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Laurence Scott is a lecturer in English and Creative Writing. His essays and criticism have appeared in the Guardian, the Financial Times and the London Review of Books, among other publications. In 2011 he was named a 'New Generation Thinker' by the Arts and Humanities Council and the BBC. In 2014 he won the Royal Society of Literature Jerwood Award for Non-Fiction. He lives in London.
It is the winner of the Jerwood Prize. A constellation of everyday digital phenomena is rewiring our inner lives. We are increasingly coaxed from the three-dimensional containment of our pre-digital selves into a wonderful and eerie fourth dimension, a world of ceaseless communication, instant information and global connection. Our portals to this new world have been wedged open, and the silhouette of a figure is slowly taking shape. But what does it feel like to be four-dimensional? How do digital technologies influence the rhythms of our thoughts, the style and tilt of our consciousness? What new sensitivities and sensibilities are emerging with our exposure to the delights, sorrows and anxieties of a networked world? And how do we live in public, with these recoded private lives? Tackling ideas of time, space, friendship, commerce, pursuit and escape, and moving from Hamlet to the ghosts of social media, from Seinfeld to the fall of Gaddafi, from Facebook politics to Oedipus, The Four-Dimensional Human is a highly original and pioneering portrait of life in a digital landscape.
In Vladimir Nabokov's Lolita, Humbert Humbert offers a memorably brief account of his parents' death: picnic, lightning. Picnic Comma Lightning, too, opens with death-that of Laurence Scott's mother-because, for a philosopher, death raises a profound existential question: How do we know what is real, especially when we have come to question the reality of so many of our day-to-day experiences? Writing from the intersection of philosophy, politics, and memoir, Scott transforms his personal meditation on loss into a beguiling exploration of what it means to exist in the world today. It used to be that our lives were rooted in reasonably solid things: to people, places and memories. Now, in an age of online personas, alternative truths, constant surveillance and an increasingly hysterical news cycle, our realities are becoming flimsier and more vulnerable than ever before. Scott's far-ranging examination charts the ways our traditional mental models of the world have started to fray. He ponders how ubiquitous cameras reframe our private lives (an event only exists once someone posts the video), how mysterious algorithms undermine our attempts at self-definition through their own data-driven portraits, and what happens in those moments when our illusions about reality are ruptured by incontrovertible facts (like the death of a parent or a bolt of lightning). A report from the front line of the online generation (Sunday Times), Picnic Comma Lightning is an essential account of how we've started to make sense of our strange new world.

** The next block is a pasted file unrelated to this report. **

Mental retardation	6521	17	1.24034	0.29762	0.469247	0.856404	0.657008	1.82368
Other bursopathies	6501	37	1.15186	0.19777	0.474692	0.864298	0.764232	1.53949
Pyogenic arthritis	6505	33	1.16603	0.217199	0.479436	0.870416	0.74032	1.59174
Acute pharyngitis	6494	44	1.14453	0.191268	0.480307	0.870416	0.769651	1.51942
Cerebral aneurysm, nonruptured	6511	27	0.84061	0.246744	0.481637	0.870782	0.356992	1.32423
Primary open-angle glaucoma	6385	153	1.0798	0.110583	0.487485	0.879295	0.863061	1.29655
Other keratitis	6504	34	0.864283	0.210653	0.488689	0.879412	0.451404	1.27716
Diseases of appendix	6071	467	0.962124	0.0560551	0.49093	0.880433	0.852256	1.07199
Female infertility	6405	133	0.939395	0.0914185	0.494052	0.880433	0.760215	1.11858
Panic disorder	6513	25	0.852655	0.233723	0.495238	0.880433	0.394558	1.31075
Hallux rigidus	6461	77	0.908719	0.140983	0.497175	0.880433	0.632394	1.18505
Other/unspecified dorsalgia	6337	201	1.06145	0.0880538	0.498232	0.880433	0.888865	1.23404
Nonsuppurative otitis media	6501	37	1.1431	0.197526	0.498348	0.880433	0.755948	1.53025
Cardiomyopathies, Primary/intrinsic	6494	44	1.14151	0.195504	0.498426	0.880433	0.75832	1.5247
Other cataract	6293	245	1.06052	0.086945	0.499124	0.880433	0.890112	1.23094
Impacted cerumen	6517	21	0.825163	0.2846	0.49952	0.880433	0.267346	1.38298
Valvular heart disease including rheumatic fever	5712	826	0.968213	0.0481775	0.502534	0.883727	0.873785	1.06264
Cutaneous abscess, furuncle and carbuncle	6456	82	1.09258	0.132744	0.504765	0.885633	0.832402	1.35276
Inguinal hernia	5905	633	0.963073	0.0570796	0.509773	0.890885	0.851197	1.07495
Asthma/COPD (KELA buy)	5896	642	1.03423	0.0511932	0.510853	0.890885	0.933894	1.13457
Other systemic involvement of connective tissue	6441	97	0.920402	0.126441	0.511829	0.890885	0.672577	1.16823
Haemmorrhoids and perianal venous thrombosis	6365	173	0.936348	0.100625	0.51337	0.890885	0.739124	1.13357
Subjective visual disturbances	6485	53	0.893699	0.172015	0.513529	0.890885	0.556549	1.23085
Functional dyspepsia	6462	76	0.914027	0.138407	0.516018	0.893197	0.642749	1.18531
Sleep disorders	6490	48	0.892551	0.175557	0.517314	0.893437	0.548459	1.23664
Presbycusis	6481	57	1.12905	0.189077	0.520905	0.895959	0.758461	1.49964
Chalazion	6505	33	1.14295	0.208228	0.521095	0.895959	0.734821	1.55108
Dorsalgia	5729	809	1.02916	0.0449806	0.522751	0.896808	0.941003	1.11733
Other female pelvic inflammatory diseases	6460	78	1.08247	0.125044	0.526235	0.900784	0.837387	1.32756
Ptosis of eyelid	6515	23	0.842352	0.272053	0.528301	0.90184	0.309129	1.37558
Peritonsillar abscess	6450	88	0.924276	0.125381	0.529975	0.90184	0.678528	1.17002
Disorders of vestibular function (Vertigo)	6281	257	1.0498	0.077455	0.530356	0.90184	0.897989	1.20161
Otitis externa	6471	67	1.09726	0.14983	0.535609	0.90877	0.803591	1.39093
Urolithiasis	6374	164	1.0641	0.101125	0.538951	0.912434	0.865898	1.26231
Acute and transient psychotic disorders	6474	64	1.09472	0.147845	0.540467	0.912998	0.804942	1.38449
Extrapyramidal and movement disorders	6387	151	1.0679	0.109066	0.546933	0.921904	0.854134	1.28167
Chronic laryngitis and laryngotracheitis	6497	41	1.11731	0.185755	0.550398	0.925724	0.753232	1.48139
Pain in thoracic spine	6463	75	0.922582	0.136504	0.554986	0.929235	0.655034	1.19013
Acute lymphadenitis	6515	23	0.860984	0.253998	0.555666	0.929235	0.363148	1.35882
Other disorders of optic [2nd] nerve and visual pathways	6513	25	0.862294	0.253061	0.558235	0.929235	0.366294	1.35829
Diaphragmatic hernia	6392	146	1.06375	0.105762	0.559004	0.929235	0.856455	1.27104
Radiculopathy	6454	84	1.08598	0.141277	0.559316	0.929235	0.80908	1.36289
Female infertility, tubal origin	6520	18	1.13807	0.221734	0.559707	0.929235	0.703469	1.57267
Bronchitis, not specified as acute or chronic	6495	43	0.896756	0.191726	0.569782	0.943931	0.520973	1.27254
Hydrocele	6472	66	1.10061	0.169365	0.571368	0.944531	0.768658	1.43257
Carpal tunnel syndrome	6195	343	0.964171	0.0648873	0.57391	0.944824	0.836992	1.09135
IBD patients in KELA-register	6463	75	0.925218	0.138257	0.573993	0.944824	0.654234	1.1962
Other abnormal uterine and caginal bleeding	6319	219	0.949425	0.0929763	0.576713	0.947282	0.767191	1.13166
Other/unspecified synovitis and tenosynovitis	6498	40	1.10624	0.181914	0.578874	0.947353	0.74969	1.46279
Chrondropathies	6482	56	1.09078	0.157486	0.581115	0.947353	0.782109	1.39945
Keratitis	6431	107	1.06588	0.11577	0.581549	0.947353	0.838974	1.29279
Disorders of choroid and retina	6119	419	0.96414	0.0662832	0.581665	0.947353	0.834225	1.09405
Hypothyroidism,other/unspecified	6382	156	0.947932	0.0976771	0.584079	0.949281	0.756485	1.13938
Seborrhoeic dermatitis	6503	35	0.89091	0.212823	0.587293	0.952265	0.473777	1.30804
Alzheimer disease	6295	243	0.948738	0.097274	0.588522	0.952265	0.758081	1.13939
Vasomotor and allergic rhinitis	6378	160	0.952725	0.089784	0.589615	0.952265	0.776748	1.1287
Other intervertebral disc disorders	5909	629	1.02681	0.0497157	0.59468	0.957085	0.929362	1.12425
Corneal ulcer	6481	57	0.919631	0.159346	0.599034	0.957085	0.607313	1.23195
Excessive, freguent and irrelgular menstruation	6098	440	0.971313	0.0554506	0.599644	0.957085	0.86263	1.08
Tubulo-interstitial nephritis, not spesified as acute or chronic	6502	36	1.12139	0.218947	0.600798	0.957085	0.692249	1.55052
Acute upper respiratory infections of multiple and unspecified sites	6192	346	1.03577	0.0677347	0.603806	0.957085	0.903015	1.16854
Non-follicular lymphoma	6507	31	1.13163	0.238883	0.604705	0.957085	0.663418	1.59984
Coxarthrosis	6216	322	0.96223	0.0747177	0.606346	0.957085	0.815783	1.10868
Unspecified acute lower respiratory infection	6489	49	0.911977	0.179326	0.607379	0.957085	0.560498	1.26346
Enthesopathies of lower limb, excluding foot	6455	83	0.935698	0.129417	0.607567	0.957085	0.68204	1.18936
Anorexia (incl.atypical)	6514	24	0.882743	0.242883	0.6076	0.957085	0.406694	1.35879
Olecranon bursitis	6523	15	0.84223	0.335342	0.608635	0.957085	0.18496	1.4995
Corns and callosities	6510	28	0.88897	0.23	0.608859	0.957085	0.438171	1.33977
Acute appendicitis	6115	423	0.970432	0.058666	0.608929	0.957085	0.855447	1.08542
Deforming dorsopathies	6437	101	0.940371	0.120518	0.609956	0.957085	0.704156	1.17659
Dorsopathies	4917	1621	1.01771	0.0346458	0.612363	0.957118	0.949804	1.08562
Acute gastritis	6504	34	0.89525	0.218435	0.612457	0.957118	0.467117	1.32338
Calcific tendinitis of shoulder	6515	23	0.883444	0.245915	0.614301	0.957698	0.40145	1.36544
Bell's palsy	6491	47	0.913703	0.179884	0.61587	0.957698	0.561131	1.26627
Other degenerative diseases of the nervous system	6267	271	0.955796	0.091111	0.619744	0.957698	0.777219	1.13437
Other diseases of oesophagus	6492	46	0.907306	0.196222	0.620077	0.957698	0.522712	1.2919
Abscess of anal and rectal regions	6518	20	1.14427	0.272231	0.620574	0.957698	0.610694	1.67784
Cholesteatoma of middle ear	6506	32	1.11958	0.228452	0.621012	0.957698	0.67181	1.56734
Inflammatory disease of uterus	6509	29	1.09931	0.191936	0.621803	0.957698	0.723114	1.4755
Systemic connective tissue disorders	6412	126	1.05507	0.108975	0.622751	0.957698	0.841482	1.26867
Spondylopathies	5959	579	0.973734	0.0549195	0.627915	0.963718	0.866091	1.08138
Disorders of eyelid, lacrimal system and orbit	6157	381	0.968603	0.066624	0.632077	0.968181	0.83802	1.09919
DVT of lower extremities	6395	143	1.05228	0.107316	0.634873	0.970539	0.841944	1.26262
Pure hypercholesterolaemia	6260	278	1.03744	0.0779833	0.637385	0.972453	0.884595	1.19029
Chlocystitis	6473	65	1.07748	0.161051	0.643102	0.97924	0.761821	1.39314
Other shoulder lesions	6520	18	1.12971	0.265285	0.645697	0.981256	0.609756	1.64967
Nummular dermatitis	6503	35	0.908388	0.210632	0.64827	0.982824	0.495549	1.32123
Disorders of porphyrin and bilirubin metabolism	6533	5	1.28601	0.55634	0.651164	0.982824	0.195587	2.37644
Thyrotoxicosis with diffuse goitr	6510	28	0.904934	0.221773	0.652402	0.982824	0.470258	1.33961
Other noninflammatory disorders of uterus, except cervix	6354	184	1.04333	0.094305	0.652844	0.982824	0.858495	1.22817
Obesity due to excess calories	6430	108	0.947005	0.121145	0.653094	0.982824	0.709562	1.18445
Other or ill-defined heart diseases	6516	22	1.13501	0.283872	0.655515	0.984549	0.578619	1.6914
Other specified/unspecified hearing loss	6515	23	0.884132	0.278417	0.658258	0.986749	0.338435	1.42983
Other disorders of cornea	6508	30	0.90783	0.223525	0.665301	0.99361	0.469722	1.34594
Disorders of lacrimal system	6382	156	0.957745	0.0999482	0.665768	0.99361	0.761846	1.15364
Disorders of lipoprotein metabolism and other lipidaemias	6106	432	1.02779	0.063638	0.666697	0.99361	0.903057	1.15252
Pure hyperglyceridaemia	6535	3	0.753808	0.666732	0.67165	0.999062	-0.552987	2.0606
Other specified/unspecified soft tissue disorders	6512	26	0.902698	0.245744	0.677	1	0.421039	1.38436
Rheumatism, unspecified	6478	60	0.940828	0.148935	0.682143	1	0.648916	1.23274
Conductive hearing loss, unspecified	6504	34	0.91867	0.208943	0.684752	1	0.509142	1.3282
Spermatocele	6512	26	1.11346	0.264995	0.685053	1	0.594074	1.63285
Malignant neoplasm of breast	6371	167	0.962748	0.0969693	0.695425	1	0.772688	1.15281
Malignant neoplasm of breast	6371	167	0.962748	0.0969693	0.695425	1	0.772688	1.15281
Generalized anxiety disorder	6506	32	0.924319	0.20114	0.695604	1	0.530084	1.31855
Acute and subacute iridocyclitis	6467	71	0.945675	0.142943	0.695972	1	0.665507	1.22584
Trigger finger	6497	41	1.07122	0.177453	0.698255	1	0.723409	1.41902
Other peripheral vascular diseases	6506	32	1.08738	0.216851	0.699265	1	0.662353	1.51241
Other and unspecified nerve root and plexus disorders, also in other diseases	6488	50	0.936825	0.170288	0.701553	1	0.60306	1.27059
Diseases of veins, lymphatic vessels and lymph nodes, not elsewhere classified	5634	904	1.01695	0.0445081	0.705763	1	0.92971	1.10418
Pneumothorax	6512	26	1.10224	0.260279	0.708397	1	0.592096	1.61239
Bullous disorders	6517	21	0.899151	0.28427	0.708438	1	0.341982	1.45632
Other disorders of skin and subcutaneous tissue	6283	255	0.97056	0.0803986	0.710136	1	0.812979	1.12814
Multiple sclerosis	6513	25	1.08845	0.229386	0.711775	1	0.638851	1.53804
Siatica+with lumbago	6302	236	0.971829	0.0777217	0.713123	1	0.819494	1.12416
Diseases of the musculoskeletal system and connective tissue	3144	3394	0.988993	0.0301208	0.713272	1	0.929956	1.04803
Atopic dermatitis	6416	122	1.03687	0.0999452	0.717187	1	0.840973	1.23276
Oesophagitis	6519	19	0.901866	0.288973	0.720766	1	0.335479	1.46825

**A BBC RADIO 4 BOOK OF THE WEEK** 'Laurence Scott ... writes beautifully about the experience of reality in the digital age, and about how grief changes our perceptions ... I'm besotted with Scott's writing.' Derren Brown, i paper 'Clever, funny and deeply moving... an engaging and thought-provoking journey through the fakery of modern life.' Mail on Sunday 'A stylish, playful exploration of what digital life is doing to the way we find meaning in the world.' Guardian, 'Book of the Week' ________________________ In Vladimir Nabokov's Lolita, the narrator offers a memorably brief account of his mother's death: 'picnic, lightning'. Picnic Comma Lightning similarly opens with the death of Laurence Scott's parents, and the definitive ending of their deaths raises for him one fundamental question: how much of what we live through is truly real? With humour and insight, Scott transforms this personal meditation on loss into an exploration of what it means to exist in the world now. It used to be that our vision of the world was rooted to reasonably solid things: to people, places and memories. But today, in an age of constant internet debates, online personas and alternative truths, reality feels more vulnerable than ever before. Picnic Comma Lightning looks at how digital life is distorting, echoing and magnifying our age-old preoccupation with what is real and what isn't. Where do we draw the line? How is technology shifting these boundaries? And how do we maintain a sense of reality in an increasingly unreal world? ________________________ 'A report from the front line of the digital generation by someone superbly well-equipped to read and decode the signals.' Sunday Times